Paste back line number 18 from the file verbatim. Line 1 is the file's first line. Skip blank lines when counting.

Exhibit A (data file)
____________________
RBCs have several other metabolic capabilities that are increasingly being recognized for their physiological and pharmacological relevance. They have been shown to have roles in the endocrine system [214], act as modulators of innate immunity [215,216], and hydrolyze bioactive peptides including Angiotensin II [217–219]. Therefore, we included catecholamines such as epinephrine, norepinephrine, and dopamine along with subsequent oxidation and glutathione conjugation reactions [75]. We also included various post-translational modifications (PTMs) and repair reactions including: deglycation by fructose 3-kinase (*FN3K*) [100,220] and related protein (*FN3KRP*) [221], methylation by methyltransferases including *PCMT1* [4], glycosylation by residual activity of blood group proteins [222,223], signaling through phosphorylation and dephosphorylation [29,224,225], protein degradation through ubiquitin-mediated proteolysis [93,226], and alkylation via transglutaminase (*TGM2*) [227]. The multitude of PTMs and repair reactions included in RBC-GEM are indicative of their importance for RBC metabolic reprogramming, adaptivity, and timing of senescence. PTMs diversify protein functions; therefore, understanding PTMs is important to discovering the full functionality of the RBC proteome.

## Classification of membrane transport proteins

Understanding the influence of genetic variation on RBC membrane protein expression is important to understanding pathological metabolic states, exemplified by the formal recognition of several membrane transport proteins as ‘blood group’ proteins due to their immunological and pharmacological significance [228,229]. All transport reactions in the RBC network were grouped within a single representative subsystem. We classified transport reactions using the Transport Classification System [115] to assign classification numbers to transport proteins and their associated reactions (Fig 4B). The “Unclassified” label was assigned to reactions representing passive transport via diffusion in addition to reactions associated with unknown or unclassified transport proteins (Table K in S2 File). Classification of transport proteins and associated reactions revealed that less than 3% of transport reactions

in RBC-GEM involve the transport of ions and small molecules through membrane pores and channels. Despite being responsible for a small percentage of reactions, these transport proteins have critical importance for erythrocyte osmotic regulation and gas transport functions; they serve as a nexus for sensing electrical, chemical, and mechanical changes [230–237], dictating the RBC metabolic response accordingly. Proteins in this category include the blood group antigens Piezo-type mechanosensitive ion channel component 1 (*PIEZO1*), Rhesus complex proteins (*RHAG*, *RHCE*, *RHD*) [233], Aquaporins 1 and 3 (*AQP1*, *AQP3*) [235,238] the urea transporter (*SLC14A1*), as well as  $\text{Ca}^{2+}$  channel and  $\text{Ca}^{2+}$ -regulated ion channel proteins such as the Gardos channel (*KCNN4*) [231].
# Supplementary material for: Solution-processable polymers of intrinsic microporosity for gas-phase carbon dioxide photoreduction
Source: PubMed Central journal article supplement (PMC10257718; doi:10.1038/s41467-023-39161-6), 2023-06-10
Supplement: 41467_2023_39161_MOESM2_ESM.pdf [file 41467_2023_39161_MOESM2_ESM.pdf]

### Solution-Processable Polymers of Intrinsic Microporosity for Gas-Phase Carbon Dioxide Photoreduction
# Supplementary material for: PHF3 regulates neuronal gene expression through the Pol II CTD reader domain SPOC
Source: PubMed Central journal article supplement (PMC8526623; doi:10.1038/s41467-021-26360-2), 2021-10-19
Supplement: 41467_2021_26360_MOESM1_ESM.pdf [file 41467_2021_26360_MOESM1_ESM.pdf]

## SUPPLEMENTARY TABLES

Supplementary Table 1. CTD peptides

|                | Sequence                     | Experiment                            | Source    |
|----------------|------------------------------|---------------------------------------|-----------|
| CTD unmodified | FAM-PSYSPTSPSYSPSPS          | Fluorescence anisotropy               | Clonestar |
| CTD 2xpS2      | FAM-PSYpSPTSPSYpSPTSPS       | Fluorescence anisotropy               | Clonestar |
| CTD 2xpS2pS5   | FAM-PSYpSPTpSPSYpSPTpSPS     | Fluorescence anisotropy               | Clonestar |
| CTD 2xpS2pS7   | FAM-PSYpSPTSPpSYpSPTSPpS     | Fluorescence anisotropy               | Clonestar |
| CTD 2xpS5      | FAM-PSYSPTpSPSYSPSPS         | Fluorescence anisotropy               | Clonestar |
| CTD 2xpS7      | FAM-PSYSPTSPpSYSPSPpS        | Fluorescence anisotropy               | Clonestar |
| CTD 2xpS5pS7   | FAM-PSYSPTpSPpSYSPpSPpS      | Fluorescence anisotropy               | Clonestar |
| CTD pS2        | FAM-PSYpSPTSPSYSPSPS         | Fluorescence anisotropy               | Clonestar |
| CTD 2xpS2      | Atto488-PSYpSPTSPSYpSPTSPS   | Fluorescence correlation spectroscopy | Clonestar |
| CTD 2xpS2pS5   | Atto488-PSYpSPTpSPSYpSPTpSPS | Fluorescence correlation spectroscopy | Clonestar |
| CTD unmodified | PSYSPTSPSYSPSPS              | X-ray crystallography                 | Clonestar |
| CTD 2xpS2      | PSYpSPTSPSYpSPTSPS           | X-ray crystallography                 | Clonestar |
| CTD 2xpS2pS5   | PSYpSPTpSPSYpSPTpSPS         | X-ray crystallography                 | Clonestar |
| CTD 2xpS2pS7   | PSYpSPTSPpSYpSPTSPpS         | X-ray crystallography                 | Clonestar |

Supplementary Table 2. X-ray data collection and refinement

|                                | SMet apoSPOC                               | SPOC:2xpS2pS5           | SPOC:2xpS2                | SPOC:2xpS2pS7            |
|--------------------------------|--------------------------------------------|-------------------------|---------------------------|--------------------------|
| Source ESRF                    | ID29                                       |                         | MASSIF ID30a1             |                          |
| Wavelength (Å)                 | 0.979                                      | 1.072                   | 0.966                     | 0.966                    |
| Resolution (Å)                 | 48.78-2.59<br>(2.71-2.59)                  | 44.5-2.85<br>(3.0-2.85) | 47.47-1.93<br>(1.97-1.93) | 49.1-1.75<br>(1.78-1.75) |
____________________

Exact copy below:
| CTD 2xpS2pS5   | FAM-PSYpSPTpSPSYpSPTpSPS     | Fluorescence anisotropy               | Clonestar |